On Windows, recovered files are saved to:
C:\Users\yourusername\AppData\Roaming\Adobe\Adobe Photoshop version\AutoRecover

On Mac, recovered files are saved to:

Users/yourusername/Library/Application Support/Adobe/Adobe Photoshop version/AutoRecover

The recovery files are saved with the .psb extension. You can navigate to these folders to find any unsaved work that Photoshop has automatically recovered in the background (1).

It’s important to note that the AutoRecover feature doesn’t save every change you make, but takes periodic snapshots of your work. So you may not be able to recover all of your unsaved progress this way.

Using Recovery Software

There are many powerful third-party recovery tools available to help recover lost or corrupted Photoshop files. Some popular options include:

DataNumen PSD Repair (https://www.datanumen.com/blogs/26-best-photoshop-recovery-tools-2023-free-download/) is designed specifically to repair and salvage damaged PSD files. It can recover layers, masks, transparency, layer styles, and more from corrupt files.

Recovery Toolbox for Photoshop (https://www.psd.repair/) offers an online service to recover corrupted PSD files. It extracts maximum data from damaged files.

MiniTool Power Data Recovery (https://www.minitool.com/data-recovery/recover-photoshop-file-free.html) is a free Photoshop file recovery tool for Windows that can retrieve deleted, lost, or unsaved PSD files.

These tools scan storage devices to find recoverable PSD file data. They use advanced algorithms to reconstruct corrupt Photoshop documents. The recovered files can then be saved to a safe location.

Manual Recovery Methods

If the Photoshop autosave feature fails to save your work, there are a few manual methods you can try to recover unsaved PSD files.

One option is to search your computer’s backup locations where Photoshop files may have been saved. Some common locations include:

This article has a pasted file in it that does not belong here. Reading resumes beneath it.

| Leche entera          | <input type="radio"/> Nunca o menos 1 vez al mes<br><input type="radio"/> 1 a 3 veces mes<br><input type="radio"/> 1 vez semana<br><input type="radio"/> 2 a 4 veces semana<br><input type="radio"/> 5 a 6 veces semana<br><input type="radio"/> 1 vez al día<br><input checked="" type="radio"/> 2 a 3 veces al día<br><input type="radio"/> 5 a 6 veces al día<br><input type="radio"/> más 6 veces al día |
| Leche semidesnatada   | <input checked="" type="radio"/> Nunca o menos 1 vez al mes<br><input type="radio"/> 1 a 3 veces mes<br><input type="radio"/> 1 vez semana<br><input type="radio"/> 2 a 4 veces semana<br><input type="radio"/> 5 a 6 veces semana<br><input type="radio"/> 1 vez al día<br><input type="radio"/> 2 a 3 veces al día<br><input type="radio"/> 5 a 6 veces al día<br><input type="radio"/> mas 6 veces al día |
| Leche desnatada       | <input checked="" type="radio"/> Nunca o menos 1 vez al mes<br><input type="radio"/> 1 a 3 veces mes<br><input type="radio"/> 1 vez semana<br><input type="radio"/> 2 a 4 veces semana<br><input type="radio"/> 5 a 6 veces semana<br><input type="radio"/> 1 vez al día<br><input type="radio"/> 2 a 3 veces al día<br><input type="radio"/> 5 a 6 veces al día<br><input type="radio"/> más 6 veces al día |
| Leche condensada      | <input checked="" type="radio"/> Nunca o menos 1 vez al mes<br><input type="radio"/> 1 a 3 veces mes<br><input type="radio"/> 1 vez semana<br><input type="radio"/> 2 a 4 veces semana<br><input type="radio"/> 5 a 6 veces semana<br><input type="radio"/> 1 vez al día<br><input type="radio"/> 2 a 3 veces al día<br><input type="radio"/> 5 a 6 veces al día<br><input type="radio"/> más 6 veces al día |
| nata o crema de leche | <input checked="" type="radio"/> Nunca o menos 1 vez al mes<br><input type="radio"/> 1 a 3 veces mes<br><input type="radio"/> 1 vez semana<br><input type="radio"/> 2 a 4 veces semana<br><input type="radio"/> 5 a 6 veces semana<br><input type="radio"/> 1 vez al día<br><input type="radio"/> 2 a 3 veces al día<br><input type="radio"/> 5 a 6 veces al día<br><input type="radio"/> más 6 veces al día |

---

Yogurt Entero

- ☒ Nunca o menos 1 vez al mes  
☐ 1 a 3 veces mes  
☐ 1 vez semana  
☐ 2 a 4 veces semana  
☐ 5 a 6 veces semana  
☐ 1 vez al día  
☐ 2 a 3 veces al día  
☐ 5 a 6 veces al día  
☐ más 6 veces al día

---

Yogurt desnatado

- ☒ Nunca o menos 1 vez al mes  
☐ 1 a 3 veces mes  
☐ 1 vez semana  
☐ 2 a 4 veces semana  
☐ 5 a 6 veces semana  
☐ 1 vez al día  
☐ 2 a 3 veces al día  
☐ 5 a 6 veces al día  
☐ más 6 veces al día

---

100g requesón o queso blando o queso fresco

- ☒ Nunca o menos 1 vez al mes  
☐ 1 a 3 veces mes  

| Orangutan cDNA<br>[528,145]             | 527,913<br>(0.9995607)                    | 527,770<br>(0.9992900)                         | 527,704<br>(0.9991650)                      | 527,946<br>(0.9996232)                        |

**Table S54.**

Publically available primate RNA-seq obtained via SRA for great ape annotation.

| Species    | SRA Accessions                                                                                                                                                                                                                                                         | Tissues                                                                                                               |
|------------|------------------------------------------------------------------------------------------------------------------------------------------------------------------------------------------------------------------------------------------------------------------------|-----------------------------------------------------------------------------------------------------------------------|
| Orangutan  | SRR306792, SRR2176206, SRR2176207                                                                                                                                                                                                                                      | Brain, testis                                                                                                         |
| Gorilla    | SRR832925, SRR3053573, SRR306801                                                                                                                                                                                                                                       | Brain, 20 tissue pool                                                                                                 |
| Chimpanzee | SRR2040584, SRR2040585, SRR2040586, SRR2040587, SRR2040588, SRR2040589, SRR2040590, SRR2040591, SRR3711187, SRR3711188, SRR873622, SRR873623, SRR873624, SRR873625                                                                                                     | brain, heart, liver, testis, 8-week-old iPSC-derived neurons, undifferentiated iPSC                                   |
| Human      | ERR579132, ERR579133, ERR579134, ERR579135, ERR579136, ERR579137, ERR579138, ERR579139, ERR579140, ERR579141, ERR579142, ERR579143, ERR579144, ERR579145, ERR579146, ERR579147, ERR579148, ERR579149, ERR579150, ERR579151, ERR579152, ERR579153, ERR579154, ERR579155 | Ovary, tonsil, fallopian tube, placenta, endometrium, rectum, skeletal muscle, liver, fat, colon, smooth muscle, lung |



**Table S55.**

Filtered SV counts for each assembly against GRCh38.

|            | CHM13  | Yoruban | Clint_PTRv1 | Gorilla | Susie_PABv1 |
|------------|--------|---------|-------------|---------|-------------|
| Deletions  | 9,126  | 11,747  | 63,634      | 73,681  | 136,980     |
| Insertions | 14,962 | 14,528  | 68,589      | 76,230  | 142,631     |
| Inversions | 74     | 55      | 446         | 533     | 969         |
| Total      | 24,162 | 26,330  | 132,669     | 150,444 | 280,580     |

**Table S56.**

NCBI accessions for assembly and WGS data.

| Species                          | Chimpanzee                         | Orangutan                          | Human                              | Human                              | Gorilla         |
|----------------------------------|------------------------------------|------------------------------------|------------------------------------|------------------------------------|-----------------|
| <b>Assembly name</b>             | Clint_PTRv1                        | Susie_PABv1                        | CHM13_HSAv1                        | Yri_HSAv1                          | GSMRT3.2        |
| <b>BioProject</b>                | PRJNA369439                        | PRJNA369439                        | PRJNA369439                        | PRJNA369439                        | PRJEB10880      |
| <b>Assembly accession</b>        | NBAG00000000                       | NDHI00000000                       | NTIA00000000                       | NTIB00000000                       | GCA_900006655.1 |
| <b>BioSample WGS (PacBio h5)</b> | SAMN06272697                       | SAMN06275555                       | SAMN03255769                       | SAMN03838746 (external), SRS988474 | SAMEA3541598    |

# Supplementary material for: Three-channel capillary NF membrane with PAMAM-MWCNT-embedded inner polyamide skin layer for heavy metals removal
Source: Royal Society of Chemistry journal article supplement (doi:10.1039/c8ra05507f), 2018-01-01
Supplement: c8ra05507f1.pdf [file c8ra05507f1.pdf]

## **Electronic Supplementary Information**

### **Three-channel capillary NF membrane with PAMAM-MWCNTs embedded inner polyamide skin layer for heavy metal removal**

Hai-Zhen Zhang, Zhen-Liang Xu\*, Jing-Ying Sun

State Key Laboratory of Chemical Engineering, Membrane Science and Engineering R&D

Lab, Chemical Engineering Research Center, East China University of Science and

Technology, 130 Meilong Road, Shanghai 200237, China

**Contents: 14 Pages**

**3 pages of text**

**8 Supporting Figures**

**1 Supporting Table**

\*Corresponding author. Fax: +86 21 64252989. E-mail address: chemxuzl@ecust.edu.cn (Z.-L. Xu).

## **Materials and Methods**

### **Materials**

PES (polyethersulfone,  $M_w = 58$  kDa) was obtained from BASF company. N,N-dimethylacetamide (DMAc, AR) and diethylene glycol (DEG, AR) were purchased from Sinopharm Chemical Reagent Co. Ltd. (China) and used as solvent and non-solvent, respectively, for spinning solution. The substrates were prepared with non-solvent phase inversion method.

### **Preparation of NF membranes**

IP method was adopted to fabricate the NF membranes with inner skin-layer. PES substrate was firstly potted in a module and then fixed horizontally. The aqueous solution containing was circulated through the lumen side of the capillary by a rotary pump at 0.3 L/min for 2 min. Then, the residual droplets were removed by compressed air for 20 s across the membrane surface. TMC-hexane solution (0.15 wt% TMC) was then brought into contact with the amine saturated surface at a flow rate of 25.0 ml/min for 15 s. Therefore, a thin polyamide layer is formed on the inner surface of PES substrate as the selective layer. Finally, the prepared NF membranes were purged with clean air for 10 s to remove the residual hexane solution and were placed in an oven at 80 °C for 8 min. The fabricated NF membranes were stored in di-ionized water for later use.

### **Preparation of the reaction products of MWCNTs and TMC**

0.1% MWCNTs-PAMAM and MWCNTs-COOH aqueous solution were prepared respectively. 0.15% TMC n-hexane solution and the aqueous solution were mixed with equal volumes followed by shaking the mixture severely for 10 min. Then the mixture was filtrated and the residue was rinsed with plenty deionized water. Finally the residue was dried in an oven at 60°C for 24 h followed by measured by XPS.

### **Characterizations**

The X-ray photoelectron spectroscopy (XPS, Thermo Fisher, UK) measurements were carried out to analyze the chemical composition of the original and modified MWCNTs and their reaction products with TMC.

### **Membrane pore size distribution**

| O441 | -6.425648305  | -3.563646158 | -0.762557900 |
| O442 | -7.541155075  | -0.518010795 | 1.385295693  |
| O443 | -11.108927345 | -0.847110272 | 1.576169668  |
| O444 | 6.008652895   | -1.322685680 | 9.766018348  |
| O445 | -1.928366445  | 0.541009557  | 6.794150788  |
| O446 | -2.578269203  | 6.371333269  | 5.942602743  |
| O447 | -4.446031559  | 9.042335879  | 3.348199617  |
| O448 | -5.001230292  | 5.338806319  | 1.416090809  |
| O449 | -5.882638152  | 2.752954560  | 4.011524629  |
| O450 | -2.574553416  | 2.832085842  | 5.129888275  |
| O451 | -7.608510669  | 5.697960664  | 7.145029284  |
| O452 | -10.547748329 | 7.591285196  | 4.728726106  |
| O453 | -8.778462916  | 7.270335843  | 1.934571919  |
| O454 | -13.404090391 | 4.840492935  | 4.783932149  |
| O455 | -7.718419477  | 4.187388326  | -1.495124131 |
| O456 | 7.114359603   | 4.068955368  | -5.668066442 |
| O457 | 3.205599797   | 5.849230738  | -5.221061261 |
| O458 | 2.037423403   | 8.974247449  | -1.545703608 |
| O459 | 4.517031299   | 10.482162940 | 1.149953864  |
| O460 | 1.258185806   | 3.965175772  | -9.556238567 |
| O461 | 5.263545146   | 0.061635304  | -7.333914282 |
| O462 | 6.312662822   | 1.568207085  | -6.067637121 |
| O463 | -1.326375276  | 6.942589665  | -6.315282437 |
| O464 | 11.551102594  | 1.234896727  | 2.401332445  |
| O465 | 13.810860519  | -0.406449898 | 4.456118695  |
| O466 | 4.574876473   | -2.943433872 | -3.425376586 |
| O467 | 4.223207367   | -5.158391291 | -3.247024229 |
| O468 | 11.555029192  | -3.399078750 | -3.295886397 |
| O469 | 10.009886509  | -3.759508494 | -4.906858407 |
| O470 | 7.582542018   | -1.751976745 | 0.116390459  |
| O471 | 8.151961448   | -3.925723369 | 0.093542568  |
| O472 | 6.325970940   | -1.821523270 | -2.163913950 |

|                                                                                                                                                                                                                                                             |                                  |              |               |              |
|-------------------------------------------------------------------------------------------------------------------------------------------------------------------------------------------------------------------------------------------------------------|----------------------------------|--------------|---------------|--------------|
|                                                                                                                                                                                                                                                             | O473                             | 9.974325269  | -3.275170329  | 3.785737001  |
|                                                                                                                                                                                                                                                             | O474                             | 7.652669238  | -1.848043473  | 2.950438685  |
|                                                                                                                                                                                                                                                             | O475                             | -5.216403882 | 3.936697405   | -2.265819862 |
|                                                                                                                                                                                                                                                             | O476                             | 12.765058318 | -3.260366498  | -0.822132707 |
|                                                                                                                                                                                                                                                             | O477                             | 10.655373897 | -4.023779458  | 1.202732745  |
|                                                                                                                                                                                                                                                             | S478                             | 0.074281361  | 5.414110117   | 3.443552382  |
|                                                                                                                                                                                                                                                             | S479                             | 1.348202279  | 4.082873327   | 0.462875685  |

• On Windows: C:\Users\[user]\AppData\Roaming\Adobe\Adobe Photoshop [version]\AutoRecover – This is Photoshop’s auto-recovery folder where temporary versions are saved.
  • On Mac: /Users/[user]/Library/Application Support/Adobe/Adobe Photoshop [version]/AutoRecover – The auto-recovery folder on Mac.
  • Your computer’s Temp folders – C:\Users\[user]\AppData\Local\Temp on Windows or /Users/[user]/Library/Caches on Mac.
  • External drives or cloud storage if you have backups enabled.

You can browse these locations to see if a temporary or old version of your PSD file exists that can be recovered.

Avoiding Data Loss

The best way to avoid losing your Photoshop files is to implement regular backup practices. Here are some tips:

Save your PSD files frequently as you work. Use Photoshop’s auto-save and auto-recovery options to save versions as you go (Source).

Store files on your local hard drive rather than the cloud while working on them. Sync to cloud storage when the file is complete (Source).

Maintain multiple backups of your files on external drives or servers. Consider using a source control system like GitHub.

Set reminders to backup your files regularly, such as at the end of each workday. Automate backups if possible.

Store backups securely in multiple locations in case of equipment failure or theft.

Test restoring from backups periodically to verify they work.

Recovering Deleted Layers